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As everybody knows, there are just 7 basic plots. Overcoming the Monster. Rags to Riches. The Quest. Voyage and Return. Rebirth. Comedy. Tragedy.

Only kidding!

There are in fact only 2 basic plots: The Happy Ending and The Unhappy Ending.

No, no, no! I’m messing with you.

There are 20 master plots.

Actually, make that 36. My mistake.

Oops, no. There are 1,426 (according to William Wallace Cook in his classic how-to-write manual, Plotto: The Master Book of All Plots, published in 1928).

Basically, pick a number, any number, and someone at some time will have decided that that’s how many plots there are.

Like all advice – emotional, spiritual, financial – it’s best to take advice about plots and plotting with a very large pinch of salt. If it sounds too good to be true, guess what? If it sounds too good to be true, It’s Too Good To Be True. If all we had to do was master a few simple plot principles, we’d all be James Patterson.

This is not to say that one shouldn’t examine and consider the many and various theories about plots. Christopher Booker’s The Seven Basic Plots (2004), for example, is certainly worth reading – at least until he gets into all the crazy Jungian stuff. John Yorke, Into the Woods (2013) – that’s another good practical book about plotting for writers, with an emphasis on scriptwriting rather than novels or short stories. And if you really get a taste for the theoretical side of things, you’ll eventually find yourself getting into narratology and reading the likes of Gérard Genette, in which case, frankly, you’re on your own.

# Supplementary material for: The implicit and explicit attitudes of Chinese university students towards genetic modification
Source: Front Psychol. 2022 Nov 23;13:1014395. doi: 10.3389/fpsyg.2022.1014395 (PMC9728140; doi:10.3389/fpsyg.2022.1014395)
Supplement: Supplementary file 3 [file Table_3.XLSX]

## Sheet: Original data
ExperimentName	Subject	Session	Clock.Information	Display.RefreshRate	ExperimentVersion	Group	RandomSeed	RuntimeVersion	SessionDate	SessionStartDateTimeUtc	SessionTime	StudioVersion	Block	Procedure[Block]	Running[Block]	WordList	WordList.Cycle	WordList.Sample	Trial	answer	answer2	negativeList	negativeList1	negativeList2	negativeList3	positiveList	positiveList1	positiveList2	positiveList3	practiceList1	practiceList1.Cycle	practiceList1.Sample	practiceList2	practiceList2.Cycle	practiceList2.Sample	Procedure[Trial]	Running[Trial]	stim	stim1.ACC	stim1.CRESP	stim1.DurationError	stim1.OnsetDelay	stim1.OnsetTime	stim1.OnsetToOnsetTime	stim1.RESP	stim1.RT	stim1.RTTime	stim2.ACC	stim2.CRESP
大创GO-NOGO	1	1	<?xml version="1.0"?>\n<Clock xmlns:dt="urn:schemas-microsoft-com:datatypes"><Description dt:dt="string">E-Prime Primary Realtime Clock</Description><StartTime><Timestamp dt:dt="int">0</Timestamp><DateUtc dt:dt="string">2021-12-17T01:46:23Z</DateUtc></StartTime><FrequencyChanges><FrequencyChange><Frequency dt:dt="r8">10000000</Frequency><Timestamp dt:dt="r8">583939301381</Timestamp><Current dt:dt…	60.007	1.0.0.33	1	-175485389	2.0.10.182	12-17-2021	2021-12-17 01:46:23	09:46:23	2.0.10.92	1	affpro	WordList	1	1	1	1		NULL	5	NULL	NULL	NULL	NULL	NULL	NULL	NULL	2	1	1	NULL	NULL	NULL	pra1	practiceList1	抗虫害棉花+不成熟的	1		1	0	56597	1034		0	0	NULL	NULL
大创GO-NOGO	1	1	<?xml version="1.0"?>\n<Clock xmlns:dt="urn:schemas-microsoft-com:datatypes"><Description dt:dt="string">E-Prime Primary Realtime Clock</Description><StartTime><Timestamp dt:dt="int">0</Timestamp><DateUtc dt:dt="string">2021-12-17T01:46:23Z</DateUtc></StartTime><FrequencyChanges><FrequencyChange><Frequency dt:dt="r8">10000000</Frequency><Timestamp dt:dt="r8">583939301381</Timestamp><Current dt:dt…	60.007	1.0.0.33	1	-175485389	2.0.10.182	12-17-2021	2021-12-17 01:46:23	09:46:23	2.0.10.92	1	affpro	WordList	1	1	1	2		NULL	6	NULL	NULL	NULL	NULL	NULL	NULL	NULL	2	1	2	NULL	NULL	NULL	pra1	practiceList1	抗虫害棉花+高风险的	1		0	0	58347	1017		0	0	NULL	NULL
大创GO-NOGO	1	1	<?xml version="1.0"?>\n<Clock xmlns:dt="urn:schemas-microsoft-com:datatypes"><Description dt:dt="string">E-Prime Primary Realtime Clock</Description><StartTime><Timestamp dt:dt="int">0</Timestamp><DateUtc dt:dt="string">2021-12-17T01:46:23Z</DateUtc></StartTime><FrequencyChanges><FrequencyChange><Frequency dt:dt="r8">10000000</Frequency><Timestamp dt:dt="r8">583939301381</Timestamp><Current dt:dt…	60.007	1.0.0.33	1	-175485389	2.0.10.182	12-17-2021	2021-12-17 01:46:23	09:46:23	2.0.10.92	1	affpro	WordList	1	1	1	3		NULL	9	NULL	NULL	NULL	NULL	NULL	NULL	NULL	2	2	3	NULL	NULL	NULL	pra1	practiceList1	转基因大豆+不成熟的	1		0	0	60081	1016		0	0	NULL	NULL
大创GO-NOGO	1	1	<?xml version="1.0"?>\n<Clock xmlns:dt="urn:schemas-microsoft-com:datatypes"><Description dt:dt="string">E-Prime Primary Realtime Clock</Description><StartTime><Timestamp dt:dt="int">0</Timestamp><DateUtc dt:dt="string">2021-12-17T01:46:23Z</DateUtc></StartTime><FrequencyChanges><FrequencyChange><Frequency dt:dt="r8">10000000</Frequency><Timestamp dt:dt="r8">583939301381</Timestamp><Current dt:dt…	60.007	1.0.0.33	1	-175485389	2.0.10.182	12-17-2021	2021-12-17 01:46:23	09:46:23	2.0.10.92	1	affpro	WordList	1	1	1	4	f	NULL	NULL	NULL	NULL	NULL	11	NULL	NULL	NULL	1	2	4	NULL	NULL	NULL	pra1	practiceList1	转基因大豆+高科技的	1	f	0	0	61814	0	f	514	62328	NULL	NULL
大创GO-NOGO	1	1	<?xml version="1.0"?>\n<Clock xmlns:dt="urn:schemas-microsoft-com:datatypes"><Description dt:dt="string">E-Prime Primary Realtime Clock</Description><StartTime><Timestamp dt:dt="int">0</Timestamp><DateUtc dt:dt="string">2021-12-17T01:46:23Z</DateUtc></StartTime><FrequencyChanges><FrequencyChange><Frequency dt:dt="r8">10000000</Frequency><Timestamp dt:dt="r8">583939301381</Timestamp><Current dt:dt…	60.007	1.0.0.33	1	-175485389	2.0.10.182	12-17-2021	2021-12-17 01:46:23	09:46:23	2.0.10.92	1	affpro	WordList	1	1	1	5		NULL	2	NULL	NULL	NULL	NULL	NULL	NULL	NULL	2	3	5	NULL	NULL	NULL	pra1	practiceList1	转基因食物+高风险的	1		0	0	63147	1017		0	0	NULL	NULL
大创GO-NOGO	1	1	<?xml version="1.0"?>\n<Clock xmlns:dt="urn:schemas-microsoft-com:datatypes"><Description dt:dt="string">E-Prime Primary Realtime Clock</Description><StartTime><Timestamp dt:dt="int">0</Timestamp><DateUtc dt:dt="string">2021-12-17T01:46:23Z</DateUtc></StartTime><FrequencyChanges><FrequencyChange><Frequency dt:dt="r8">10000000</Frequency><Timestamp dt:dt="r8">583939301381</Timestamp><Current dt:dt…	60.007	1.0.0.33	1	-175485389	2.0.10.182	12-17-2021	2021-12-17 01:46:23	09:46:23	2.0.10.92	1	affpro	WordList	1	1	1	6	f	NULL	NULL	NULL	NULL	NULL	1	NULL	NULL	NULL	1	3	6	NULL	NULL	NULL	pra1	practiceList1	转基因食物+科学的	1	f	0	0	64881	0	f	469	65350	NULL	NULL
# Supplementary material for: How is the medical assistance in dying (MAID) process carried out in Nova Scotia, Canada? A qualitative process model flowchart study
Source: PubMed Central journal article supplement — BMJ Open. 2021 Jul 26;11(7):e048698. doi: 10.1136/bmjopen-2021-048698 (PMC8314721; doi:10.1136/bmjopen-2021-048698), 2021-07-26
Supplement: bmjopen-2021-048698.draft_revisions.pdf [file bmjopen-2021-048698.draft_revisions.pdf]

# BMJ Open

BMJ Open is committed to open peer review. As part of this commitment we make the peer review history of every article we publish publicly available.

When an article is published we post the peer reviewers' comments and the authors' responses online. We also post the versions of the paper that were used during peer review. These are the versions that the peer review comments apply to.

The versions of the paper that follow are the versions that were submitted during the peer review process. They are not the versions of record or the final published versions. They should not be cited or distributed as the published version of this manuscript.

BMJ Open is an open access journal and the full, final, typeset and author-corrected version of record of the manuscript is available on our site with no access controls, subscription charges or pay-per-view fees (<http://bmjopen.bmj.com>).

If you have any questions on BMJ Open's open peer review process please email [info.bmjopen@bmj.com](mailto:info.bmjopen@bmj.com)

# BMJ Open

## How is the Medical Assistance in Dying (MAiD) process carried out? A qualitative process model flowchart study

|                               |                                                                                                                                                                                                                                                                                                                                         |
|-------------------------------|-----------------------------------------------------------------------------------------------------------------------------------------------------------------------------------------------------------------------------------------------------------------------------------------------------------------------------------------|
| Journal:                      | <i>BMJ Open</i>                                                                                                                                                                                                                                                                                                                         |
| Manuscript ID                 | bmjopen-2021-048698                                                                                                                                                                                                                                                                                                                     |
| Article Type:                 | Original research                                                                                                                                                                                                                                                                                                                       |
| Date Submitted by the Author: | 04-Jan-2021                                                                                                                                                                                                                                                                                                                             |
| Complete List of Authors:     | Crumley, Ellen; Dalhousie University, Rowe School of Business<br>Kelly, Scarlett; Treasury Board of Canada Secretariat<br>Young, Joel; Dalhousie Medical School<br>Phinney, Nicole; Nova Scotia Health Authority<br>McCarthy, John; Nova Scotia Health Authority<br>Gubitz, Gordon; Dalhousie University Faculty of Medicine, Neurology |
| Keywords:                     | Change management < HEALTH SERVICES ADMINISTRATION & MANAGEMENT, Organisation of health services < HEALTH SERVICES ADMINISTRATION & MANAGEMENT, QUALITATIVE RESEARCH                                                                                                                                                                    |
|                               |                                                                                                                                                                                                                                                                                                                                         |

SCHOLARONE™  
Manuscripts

My own personal favourite guide to plotting is Patricia Highsmith’s Plotting and Writing Suspense Fiction (1983), in which Highsmith – yes, that Patricia Highsmith, author of The Talented Mr Ripley and Carol – develops what she calls a ‘parthenogenetic’ theory of plotting. Basically, according to Highsmith, you begin with some little ‘germ’, some little speck of something (‘A child falling on a sidewalk and spilling his ice cream cone’) and then you start to experiment and play with it. And that’s it. There’s no secret, no one-size-fits-all. Highsmith puts a lot of emphasis on the sheer fun of plotting – and the dark, surprising twists that emerge when you truly abandon yourself to language and ideas.You can always tell when writers have truly abandoned themselves to the task of plotting: Highsmith herself does it; David Mitchell does it; Pitchaya Sudbanthad does it, in her recent, amazing multilayered novel Bangkok Wakes to Rain (2019).

Anna Burns, in response to a question about how and why she wrote last year’s Booker Prize-winning novel Milkman, explained that ‘I started writing it because it wanted to come. The point is, I can’t intend anything in my writing, or demand anything of my writing. I have no idea what is going to come.’

When it comes to plotting, then, you might use the standard models, but you might also simply ask: what wants to come?


This article is from a series of ‘How To...’ guides for emerging and developing writers, written in 2019/20 by Ian Sansom.

Ian Sansom is the author of the Mobile Library and the County Guides series of novels. He writes regularly for the Guardian, the TLS, and the Spectator. He teaches at the Seamus Heaney Centre for Poetry. iansansom.net

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